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The welfare funds scandal involving Brett Favre has left people reeling.
A string of texts appears to show the Pro Football Hall of Famer pressuring former Mississippi Gov. Phil Bryant, a Republican, about funding the construction of a volleyball facility at the University of Southern Mississippi — Favre’s alma mater and where his daughter played the sport at the time — though Favre had been told that misusing state funds was potentially illegal, per new court filings. The funding of the project was part of an investigation into millions of dollars of misspent public welfare funds within the Mississippi Department of Human Services.
It’s unclear how the matter might unfold. But, already, it’s revived discussion about an age-old pattern: In the wake of scandal, White athletes seem to be treated differently from their Black peers.
“People believe there’s just more vitriol directed at Black athletes when they commit wrongdoings or give the appearance of messing up — and I think that’s more than fair. While no one is standing up for Favre, there isn’t this loud cry that he should lose everything,” the journalist Jemele Hill pointed out on Twitter.
“People almost always want a pound of flesh when it comes to Black athletes, and it’s often unrelenting. So sometimes it’s not about coverage, but tone,” she added.
To further explore the issue, I spoke with Harry Edwards, a professor emeritus at UC Berkeley whose research interests include race relations and the sociology of sport. He’s also the author of the 1969 book “The Revolt of the Black Athlete,” about activism among Black athletes.
Our conversation has been lightly edited for length and clarity.
What were your thoughts when you first heard about the scandal involving Brett Favre?
Well, on the one hand, I was familiar with Favre’s history, even while he was playing in the league, so on that level, I didn’t think that something like this was outside the bounds of his capabilities, let’s say.
On the other hand, there’s an awful lot of publicity around this case. He hasn’t been charged with anything at this point, much less convicted of anything. But he’s become the face of this tragic situation.
The people who also should be the face of this situation are the former governor, the people who administer funds and so forth. But, instead, because of his fame, Favre has become the poster boy for ripping off poor people in the poorest state in the country.
Jemele Hill recently noted that Black athletes often face more vitriol following an allegation of wrongdoing. Would you agree that this is a theme?
Absolutely. We can look at this situation as part of the fabric of White privilege in US society. When a White athlete behaves in a detestable way, the incident tends to be sportswashed, which is typical when you’re dealing with athletic celebrity. But it’s also whitewashed. That’s the White privilege element of it.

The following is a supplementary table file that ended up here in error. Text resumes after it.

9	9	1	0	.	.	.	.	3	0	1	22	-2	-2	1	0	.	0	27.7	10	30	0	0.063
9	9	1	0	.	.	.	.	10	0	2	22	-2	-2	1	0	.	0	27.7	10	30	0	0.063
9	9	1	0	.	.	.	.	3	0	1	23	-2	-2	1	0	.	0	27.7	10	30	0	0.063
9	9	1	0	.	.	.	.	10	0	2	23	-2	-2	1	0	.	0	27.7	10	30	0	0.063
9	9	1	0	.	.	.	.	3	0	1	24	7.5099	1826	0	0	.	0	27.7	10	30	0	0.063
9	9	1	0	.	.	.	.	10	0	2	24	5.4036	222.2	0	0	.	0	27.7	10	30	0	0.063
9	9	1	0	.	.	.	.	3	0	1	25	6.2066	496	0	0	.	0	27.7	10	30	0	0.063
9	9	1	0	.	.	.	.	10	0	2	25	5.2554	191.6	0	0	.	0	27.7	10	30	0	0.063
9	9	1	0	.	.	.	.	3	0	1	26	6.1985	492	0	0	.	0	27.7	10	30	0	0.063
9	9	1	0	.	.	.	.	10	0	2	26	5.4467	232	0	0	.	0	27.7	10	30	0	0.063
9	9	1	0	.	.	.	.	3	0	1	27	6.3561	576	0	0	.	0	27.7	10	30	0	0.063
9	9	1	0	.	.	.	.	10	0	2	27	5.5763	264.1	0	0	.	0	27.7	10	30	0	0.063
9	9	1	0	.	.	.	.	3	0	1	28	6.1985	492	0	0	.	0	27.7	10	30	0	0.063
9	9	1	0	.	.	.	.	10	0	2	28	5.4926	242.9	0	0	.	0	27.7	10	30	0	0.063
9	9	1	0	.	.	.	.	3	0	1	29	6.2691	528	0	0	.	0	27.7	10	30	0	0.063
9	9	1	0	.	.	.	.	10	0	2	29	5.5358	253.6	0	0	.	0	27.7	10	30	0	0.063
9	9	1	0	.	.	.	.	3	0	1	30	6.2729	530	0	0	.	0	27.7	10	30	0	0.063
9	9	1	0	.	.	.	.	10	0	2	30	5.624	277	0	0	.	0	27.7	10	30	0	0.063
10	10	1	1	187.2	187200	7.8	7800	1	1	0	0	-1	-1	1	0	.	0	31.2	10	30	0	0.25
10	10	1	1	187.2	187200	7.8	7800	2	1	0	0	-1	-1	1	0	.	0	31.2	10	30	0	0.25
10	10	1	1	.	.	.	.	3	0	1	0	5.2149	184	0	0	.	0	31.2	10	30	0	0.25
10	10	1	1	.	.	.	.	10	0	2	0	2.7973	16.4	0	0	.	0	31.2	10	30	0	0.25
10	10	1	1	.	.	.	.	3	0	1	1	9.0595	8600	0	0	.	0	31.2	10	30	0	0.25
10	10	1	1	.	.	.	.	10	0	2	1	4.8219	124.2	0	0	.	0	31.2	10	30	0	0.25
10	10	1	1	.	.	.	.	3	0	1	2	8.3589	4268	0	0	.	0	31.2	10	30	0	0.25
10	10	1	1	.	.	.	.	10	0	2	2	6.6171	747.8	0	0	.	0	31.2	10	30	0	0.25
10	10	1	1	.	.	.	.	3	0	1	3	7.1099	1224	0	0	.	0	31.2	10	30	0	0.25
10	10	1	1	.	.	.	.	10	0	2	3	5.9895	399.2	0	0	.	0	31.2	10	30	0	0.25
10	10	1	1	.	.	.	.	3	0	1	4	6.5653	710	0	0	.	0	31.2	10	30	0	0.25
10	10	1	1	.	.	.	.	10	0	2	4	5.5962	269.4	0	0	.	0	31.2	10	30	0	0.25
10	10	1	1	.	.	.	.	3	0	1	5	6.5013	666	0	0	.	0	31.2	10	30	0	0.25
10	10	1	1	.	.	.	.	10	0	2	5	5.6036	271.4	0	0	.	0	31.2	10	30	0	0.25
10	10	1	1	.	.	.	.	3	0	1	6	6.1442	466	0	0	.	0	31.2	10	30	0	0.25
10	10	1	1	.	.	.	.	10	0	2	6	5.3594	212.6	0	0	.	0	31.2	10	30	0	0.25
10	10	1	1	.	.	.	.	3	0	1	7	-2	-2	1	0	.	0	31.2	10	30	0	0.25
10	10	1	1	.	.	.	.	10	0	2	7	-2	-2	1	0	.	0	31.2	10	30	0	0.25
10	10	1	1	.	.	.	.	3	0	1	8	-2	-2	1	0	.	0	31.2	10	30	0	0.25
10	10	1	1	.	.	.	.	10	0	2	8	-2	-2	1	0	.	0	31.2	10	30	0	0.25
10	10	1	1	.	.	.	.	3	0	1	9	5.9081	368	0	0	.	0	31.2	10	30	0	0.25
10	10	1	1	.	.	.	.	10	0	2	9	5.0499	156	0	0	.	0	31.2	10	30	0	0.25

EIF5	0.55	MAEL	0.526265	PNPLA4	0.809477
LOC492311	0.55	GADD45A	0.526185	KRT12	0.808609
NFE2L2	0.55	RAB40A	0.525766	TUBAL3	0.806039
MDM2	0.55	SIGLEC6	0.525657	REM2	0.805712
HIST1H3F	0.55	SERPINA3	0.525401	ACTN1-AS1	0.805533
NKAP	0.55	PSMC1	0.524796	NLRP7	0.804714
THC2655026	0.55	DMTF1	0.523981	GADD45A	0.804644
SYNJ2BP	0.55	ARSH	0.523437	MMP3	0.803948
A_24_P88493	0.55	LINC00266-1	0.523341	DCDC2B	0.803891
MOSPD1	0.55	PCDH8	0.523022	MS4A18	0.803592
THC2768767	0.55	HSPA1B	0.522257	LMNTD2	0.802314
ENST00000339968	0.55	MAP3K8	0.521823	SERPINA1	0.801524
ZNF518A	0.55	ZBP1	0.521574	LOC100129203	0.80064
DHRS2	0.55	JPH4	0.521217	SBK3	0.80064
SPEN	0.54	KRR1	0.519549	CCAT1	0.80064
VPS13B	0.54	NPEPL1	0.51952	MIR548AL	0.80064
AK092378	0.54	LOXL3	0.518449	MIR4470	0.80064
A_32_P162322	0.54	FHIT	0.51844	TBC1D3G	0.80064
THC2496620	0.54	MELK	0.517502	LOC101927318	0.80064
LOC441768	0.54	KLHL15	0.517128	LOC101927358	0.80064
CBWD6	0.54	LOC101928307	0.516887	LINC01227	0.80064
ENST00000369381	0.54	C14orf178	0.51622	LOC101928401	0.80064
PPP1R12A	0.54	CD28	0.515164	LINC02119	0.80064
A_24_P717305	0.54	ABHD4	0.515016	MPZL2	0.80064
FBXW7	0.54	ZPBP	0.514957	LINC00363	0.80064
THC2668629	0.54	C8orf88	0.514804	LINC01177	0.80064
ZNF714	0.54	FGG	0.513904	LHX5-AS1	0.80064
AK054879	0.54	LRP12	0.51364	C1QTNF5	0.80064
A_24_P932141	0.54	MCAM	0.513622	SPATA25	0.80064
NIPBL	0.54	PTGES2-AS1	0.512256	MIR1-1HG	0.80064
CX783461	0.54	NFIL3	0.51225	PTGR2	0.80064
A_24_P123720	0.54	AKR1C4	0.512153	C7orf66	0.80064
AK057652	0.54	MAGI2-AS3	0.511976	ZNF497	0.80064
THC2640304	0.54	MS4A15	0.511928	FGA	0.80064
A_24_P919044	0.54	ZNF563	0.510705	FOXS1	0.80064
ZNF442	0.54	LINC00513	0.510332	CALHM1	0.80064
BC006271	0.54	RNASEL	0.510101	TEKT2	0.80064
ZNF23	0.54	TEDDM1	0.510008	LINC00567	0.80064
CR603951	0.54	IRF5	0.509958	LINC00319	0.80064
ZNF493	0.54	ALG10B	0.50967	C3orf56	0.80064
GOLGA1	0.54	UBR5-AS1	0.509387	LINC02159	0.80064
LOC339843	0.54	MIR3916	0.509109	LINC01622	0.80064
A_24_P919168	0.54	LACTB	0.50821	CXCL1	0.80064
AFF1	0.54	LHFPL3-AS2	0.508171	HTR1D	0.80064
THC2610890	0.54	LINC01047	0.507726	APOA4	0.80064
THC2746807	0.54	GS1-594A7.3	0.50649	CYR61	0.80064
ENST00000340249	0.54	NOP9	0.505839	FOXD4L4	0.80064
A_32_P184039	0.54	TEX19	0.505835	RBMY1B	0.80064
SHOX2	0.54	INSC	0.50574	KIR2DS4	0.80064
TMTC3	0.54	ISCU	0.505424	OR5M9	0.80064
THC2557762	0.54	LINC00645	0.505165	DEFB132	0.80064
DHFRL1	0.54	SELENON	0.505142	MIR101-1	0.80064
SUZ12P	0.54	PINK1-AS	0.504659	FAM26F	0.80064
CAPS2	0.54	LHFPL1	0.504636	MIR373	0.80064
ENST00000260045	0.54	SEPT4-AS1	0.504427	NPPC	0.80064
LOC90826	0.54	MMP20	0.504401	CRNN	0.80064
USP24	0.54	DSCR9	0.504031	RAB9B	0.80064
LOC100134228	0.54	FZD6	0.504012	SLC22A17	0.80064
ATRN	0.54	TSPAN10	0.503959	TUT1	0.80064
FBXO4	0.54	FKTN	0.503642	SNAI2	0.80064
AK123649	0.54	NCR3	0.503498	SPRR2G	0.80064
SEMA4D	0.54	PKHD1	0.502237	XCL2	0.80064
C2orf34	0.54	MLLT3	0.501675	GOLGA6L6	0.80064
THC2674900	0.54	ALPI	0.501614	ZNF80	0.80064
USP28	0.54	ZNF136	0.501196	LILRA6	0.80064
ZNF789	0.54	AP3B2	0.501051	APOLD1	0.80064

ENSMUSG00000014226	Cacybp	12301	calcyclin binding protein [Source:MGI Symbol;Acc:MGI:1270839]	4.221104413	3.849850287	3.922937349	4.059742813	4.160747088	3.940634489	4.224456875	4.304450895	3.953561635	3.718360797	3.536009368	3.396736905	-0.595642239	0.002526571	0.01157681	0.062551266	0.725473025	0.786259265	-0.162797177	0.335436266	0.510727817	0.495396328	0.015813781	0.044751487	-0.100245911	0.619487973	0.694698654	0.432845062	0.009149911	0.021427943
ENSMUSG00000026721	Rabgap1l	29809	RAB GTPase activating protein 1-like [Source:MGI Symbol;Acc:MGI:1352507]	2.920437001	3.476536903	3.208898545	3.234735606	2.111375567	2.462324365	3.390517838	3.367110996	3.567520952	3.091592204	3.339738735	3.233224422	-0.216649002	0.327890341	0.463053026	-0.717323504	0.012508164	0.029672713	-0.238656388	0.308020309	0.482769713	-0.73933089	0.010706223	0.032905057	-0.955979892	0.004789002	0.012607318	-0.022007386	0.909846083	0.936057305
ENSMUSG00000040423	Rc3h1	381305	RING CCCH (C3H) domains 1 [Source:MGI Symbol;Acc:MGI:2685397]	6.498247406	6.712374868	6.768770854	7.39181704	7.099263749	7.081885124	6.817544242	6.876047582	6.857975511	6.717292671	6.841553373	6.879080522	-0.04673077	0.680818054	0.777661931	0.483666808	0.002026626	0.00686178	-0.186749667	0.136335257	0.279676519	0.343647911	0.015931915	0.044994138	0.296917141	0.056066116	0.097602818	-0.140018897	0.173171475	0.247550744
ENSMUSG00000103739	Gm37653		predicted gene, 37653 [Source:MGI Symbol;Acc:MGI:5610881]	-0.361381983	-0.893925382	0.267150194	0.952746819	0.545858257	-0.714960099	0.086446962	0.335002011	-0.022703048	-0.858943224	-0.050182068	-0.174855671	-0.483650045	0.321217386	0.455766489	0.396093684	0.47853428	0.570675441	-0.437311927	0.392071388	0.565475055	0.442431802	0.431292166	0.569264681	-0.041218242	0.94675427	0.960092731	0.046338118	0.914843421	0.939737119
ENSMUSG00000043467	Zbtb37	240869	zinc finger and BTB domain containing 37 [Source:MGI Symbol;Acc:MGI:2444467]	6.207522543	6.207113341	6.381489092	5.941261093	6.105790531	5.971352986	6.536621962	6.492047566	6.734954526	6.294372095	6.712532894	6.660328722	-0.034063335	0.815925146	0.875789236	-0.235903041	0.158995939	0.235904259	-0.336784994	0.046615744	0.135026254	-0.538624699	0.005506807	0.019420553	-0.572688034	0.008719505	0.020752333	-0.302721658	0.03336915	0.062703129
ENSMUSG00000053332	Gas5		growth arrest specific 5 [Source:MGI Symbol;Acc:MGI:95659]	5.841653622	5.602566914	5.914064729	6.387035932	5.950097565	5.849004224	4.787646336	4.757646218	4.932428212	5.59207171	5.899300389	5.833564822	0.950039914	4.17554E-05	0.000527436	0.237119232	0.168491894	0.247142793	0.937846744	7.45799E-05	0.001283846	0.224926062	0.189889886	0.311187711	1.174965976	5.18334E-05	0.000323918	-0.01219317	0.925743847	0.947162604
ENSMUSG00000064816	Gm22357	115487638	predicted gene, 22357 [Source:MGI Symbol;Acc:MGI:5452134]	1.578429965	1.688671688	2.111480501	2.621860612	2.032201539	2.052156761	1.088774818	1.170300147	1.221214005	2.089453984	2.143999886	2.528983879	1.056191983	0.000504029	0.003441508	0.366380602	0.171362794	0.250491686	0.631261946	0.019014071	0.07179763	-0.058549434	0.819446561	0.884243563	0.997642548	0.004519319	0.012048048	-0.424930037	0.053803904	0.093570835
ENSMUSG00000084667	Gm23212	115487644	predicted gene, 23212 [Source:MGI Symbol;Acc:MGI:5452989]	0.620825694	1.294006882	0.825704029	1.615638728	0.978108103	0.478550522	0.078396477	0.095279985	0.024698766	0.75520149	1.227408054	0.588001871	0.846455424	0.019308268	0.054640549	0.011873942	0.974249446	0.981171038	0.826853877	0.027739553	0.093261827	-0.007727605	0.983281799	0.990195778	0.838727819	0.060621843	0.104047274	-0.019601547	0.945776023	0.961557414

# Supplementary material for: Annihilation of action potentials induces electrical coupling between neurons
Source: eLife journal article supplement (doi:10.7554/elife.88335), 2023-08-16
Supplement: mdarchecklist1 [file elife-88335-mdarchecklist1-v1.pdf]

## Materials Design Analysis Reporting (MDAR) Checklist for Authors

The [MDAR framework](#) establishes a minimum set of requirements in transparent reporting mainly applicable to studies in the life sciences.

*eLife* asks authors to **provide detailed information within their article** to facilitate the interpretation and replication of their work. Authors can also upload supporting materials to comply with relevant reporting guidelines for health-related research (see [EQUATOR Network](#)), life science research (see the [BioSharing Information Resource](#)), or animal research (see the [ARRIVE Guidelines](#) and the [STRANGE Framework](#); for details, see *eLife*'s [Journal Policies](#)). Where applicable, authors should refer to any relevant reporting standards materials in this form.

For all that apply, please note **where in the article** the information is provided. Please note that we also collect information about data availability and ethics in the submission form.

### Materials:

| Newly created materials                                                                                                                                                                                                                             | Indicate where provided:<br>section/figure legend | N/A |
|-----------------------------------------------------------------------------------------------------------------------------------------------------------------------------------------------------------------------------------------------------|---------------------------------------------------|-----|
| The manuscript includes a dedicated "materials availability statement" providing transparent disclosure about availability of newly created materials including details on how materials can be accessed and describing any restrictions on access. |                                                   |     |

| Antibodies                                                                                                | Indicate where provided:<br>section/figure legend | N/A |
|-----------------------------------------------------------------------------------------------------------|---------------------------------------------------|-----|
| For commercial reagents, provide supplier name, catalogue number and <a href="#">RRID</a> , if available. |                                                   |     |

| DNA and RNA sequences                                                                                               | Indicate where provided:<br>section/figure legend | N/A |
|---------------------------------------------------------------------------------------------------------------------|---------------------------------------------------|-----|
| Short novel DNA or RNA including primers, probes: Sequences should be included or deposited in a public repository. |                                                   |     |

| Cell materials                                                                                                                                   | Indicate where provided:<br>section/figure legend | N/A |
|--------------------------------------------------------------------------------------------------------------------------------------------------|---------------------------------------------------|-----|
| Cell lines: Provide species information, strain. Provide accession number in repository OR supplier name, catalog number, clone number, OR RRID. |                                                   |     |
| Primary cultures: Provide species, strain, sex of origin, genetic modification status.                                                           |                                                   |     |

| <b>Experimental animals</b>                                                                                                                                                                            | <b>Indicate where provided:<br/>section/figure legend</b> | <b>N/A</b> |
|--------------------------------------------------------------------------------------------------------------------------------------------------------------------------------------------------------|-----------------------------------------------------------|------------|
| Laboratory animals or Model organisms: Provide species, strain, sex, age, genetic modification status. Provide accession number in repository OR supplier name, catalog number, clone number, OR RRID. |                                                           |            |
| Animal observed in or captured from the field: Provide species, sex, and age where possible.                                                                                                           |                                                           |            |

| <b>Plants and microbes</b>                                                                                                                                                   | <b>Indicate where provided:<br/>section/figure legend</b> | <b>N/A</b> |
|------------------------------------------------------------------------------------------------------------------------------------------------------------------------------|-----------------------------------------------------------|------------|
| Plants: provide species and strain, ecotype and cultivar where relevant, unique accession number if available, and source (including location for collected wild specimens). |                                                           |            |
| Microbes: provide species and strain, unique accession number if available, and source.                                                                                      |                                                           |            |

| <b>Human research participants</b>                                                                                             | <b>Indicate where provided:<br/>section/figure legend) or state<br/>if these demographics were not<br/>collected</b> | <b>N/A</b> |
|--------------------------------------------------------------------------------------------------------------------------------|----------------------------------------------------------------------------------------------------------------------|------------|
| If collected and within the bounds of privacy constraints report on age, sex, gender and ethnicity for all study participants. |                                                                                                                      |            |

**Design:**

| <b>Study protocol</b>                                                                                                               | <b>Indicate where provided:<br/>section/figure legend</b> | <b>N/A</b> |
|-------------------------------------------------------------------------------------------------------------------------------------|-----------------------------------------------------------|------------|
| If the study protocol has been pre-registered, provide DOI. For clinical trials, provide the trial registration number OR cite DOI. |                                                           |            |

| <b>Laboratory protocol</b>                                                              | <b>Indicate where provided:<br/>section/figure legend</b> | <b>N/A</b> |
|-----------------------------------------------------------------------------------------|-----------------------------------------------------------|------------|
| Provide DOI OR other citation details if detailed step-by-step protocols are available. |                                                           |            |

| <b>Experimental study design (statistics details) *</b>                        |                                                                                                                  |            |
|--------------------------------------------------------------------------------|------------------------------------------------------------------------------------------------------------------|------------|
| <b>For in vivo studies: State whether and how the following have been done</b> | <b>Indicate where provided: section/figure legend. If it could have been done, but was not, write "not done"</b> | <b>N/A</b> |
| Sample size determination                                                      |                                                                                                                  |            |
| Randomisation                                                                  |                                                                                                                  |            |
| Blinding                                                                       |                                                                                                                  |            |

For example, people talked for decades about Jack Johnson — the first Black American world heavyweight boxing champion — and his philandering and casual relationships with women. (He had several interracial relationships throughout the early 20th century.)
If you compare Johnson with Babe Ruth (the legendary baseball player, who was White and also involved in various affairs), you couldn’t get a credit card between them. But Ruth wasn’t just sportswashed; he was whitewashed. It became a situation of masculinity, prowess, virility. But it became an issue of degeneracy with Johnson. So, this goes back for decades. There’s whitewashing that goes on in combination with sportswashing.
Sportswashing: That’s a term I’m not familiar with. Could you say more about what it means?
Athletic celebrity involves such an investment by masses of people. I mean, what kind of allegiance does it take to walk around in a jersey with someone else’s name on it? That kind of allegiance is very hard to reverse, unless it involves something perceived to be of greater sentiment or political, religious, personal or racial value.
For example, you had people who had worn Colin Kaepernick’s jersey start to burn it when he took a knee in protest of police violence against Black people. Something involving ripping off poor people, especially poor Black people? I don’t think that people are going to burn Favre’s jersey over that.
To me, this appears to be one of those situations where sport prevails over common decency, especially because the athlete was a winner. That’s what people buy into.
What will you be keeping an eye on in the weeks ahead?
It’ll be interesting to see how everything evolves and how long the issue remains a focus of conversation, especially since a lesser-valued group is being victimized and the scandal involves one of the greatest quarterbacks in NFL history. At the end of the day, that’s what I’m looking for. It’ll also be interesting to see how the NFL responds.
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